*Run the Tangents: Tangents are the shortest point from a certain location on the road to another.  Watch the road you are running on and look ahead at the curves to run as straight of a line as possible.  That will get you quickest time.  One runner I coach, Tracy, followed this advice and improved her 10 mile time from 1:17 to 1:16(she was also in better shape, so she beat her time by well over 1 minute, but running the tangents certainly helped her cut even more additional time off).

*Visualize your race before.  Practice meditation as to how you will run your race and what you will need to focus on to achieve your goal.

*Bring sunglasses!  Sunglasses help the face stay relaxed while racing.  When you are squinting, your face tightens up, as well as your body.  You will run more smoothly, which will help your muscles move better!

*Don't think too much.  Seriously.  Don't worry if some of your splits are off, just run by feel and go for it.  You will get a lot more out of your race and yourself if you do this.  Think of a race as getting from point A to point B as fast and efficiently as you can.  Don't rely on your GPS watch(they aren't 100% accurate!) because the mile markers are what counts in the race.  Look at those around you and tell yourself who you can catch.  I think it is ok to race with GPS watches, just remember the course is layed out and measured-so that's what will count, regardless of your GPS beeping before you cross the line.

GOOD LUCK to all racing and running Cherry Blossom this weekend!!

Friday, March 11, 2016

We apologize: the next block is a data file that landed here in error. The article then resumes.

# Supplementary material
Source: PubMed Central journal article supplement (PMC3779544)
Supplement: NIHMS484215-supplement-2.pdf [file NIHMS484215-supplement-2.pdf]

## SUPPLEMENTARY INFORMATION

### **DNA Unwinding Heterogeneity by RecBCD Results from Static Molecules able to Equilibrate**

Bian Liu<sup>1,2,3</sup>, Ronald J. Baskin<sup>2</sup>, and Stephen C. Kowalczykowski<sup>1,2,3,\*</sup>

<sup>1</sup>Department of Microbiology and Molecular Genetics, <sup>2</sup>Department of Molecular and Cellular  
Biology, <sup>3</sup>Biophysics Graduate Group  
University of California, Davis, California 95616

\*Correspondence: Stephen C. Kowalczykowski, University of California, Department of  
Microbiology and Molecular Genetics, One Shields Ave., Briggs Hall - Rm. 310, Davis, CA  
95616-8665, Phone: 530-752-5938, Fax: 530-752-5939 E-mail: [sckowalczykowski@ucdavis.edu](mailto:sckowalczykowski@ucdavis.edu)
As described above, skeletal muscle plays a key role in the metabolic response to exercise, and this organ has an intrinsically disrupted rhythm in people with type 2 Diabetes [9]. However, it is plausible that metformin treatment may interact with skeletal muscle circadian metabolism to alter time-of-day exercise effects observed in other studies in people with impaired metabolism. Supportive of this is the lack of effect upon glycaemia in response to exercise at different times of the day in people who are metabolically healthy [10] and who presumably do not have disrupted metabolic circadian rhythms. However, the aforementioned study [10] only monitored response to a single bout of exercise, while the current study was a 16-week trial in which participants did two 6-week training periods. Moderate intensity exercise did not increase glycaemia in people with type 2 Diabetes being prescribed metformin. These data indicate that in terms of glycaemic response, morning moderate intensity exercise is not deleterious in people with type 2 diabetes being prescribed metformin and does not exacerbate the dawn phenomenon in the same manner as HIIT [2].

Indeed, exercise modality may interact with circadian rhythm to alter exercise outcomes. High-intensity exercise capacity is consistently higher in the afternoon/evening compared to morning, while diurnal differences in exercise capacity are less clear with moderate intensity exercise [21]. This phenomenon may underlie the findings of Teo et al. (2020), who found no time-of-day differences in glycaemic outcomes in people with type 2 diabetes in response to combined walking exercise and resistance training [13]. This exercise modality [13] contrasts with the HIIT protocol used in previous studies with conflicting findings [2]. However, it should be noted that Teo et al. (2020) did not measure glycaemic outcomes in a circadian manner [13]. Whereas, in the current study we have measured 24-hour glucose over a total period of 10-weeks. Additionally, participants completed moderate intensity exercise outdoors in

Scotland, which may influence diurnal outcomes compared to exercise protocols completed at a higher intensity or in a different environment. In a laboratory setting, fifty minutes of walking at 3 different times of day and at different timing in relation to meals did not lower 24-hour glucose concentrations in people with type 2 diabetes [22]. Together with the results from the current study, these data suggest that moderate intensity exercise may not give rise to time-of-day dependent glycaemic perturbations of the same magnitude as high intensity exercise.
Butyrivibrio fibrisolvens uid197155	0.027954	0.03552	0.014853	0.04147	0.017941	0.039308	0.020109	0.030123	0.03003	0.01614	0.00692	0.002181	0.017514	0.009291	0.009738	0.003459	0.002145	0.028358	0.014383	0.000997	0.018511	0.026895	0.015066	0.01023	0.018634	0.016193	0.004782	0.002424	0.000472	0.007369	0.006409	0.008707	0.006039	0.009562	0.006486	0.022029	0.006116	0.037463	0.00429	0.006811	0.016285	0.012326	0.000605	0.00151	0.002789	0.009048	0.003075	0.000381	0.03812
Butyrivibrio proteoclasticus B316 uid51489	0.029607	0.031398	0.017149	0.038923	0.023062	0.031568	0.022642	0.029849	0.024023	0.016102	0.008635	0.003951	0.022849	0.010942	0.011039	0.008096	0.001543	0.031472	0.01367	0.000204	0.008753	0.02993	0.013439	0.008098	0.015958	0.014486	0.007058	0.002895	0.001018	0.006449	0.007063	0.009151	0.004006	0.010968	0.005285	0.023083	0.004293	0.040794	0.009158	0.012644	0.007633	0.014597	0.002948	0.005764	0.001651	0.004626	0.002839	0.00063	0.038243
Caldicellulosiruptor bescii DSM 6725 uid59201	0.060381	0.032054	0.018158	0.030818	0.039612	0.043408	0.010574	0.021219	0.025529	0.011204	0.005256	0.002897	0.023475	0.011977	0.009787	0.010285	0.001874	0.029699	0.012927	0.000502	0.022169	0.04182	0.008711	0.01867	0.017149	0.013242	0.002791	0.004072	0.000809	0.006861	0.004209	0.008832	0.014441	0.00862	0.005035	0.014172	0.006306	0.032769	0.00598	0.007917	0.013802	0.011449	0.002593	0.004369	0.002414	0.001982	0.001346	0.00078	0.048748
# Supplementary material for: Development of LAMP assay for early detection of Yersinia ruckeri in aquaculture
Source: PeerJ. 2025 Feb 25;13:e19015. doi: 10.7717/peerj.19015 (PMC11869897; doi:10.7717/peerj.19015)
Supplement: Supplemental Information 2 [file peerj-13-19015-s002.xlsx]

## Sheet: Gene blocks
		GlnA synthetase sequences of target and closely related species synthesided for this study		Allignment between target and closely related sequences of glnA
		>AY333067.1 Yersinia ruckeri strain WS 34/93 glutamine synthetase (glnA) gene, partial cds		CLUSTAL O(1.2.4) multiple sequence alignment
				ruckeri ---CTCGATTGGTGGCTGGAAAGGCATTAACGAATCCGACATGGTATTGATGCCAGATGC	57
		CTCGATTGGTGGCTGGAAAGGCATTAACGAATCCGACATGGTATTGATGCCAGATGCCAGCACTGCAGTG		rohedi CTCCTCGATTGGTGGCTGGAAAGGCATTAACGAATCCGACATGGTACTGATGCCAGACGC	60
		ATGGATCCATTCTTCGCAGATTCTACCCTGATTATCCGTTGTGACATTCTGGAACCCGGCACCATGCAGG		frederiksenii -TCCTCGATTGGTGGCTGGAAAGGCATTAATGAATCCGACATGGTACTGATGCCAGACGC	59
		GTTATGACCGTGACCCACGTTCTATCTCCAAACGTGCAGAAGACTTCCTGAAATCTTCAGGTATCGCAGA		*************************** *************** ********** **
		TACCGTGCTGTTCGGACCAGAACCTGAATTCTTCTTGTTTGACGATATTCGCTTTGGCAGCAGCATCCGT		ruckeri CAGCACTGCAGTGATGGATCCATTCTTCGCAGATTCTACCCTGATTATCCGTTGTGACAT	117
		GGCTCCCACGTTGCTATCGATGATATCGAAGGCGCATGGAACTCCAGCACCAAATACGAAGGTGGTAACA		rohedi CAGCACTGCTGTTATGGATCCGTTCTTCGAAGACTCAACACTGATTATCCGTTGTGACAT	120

Training & The USATF 15K Championships

USATF 15K Entrants:

Bor, Hillary

Bor, Emmanuel
Butler, Ian
Connor, Reed
Daniels, Matt
Dinzeo, Aaron
Finan, Eric
Foster, Kenneth
Hehir, Martin
Jewkes, Nate
Kebenei, Stanley
Keehn, Cory
Kipchirchir, Shadrack
Landry, Christopher
Leak, Gregory
Lowry, Dan
Lutz, Craig
Marantz, Cameron
McClain, Andrew
McDonald, Matt
Monroe, Alex
Ritchie, Tim
Serafini, Louis
Shrader, Brian
Simbassa, Abbabiya
Sloane, Christopher
Wacker, Andy
Watson, Cole

Below are my last 5 weeks of training:


M- am: 4 miles/ pm: 7 miles

T- am: 6 miles/ pm: 10 miles
W- am: 400m @ 72, 10 x 600m @ 1:48, 11 miles
pm: 5 miles
Th- am: 6 miles/ pm: 9 miles
F- am: 3 x 300m sprints/drills, 6.5 miles/ pm: 6.5 miles
S- am: 8 miles/ pm: 6 miles
S- pm: 16 miles

Total: 101 miles


M- 6.5 miles

T- 10 miles
W- am: 4 miles/ pm: 7 miles
Th- 8 miles
F- 7.5 miles
S- Virginia Tech 5K: 15:13, 11 miles 
S- 20 miles

Total: 74 miles


M- 2 miles of 50's, 5.5 miles

T- 2 x 3200m: 10:08, 10:02, 8.5 miles
W- 15 miles
Th- am: 4 mile tempo: 20:35(splits 5:14, 5:09, 5:07, 5:04), 7.5 miles/ pm: 7.5 miles
F- am: 2 x 400m sprints(66, 65)+drills, 6.5 miles/ pm: 5 miles
S- am: 4 x 600m: 1:52, 1:48, 148, 1:48, 5 x 800m: 2:22, 2:22, 2:23, 2:23, 2:24, 10.5 miles
/pm: 3.5 miles
S- am: 18 miles/ pm: 3.5 miles